If you have a ravioli press, use it’s directions to assemble your ravioli, though I can’t underline enough that you should go as thin as you and your dough can handle and to flour, flour, flour. Instructions for making ravioli without the molds, or with wonton wrappers, follow.
2 tablespoons olive oil
2 large shallots, finely chopped
2 garlic cloves, minced
8 ounces arugula, washed, dried, coarse stems removed and coarsely chopped
3 tablespoons breadcrumbs measured from 2 slices or one half of a roll, pulsed in the food processor until reduced to soft crumbs
1/3 cup finely grated Romano cheese
Salt and pepper to taste
1 egg yolk (reserve egg white for sealing)
1 half-batch of fresh pasta–or–1 package of wonton wrappers
1 egg white beaten with two tablespoons of water to seal ravioli
Make Filling: Heat olive oil in a large pan at medium heat. Saute shallots and garlic for 7 to 10 minutes, until they are soft and translucent, but not brown. Add arugula, turning and stirring it frequently, until it has cooked down, its water has largely evaporated but it hasn’t lost it’s color — about 3 to 5 minutes. Let mixture cool, then add bread crumbs and Romano cheese. Taste filling and season it as needed with salt and pepper. Add the egg yolk, stirring mixture until combined. Set aside.
To Make Ravioli Without a Ravioli Mold: Cut your pasta dough into 4 pieces, then flatten each piece into a rough rectangle and cover rectangles with an inverted large bowl. Set rollers of pasta machine on widest setting.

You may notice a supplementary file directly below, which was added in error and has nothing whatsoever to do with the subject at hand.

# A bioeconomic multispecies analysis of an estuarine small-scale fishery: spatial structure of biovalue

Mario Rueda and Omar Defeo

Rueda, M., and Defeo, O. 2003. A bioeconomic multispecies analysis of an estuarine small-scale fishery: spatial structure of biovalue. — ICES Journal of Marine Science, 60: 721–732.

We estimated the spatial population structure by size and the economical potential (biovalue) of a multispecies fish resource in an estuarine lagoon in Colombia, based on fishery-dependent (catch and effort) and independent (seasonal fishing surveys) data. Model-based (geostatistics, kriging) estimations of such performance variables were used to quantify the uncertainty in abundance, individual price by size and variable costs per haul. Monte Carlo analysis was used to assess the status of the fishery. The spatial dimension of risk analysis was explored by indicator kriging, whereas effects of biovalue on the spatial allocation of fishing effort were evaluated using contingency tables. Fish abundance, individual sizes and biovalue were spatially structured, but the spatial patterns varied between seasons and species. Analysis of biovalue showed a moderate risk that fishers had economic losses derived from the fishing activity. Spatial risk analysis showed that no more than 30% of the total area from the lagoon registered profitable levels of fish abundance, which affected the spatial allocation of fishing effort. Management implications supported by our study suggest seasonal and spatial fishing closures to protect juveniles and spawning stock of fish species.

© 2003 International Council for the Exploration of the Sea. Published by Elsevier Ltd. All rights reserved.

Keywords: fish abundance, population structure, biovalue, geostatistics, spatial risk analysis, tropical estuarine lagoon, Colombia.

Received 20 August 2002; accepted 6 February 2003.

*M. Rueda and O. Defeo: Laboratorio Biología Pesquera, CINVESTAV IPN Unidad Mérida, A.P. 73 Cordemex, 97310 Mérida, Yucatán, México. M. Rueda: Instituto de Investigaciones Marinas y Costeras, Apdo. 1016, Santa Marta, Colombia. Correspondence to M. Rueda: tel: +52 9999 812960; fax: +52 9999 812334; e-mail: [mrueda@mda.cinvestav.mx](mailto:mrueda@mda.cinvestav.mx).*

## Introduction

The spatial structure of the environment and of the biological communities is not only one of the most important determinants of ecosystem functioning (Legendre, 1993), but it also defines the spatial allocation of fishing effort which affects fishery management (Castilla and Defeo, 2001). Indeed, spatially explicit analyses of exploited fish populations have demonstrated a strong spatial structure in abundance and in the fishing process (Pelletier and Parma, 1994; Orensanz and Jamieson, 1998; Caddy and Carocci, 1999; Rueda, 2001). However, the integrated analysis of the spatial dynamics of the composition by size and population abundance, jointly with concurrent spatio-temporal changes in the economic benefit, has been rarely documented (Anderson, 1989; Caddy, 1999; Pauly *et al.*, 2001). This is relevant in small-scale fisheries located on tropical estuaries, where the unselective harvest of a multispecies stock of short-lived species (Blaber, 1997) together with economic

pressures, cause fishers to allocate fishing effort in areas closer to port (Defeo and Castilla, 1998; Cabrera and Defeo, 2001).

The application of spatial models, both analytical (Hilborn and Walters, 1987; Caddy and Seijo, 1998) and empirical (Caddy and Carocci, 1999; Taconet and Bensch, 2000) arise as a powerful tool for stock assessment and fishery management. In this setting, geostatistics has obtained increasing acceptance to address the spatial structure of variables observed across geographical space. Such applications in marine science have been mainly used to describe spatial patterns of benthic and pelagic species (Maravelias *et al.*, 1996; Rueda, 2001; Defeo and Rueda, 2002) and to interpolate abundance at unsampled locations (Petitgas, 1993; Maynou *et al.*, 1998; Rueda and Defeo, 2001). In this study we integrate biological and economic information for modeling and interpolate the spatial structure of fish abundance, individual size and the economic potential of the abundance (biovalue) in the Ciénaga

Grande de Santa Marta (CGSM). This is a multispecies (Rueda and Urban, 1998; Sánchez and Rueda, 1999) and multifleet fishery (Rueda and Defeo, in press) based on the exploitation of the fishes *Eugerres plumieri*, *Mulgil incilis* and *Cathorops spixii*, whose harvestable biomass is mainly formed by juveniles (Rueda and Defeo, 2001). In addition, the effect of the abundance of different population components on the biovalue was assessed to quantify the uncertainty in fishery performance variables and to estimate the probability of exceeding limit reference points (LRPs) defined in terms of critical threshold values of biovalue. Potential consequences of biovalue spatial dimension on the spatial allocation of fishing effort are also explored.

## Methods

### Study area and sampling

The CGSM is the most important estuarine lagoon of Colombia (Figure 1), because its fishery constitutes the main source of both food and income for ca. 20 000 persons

Lightly dust 1 rectangle with flour and feed through rollers. (Keep remaining rectangles under bowl.) Fold rectangle in half and feed it, folded end first, through rollers 7 or 8 more times, folding it in half each time and feeding folded end through. Dust with flour if necessary to prevent sticking. Turn dial to next (narrower) setting and feed dough through rollers without folding. Continue to feed dough through rollers once at each setting, without folding, until you reach narrowest setting. Dough will be a smooth sheet (about 24 inches long and 4 inches wide).
Put sheet of dough on a floured work surface and drop 6 (1 1/2 teaspoon) mounds of filling 1 1/2 inches apart in a row down center of one half of sheet. Brush egg wash around each mound, then fold other half of sheet over filling. Press down firmly around each mound, forcing out air. (Air pockets increase the chance that ravioli will break during cooking.) Cut pasta (between mounds) with cutter into 3-inch rounds. Line a large shallow baking pan with a clean kitchen towel (not terry cloth) and dust towel with flour, then arrange ravioli in 1 layer in it. Make more ravioli with remaining pasta dough, 1 sheet at a time, and remaining filling, transferring ravioli to lined pan.
To Make Ravioli From Wonton Wrappers: Line 2 baking sheets with heavy-duty foil; spray foil with nonstick spray. Place 4 wonton wrappers on work surface; cover remaining wrappers with plastic to prevent drying. Lightly brush entire surface of each wrapper with egg white. Spoon 1 generous teaspoon filling into center of each wrapper. Fold wrappers diagonally in half, forming triangles. Press edges firmly to seal. Arrange ravioli on prepared sheets. Repeat with remaining wrappers and filling.
Cooking time will vary, depending on the thickness of your dough.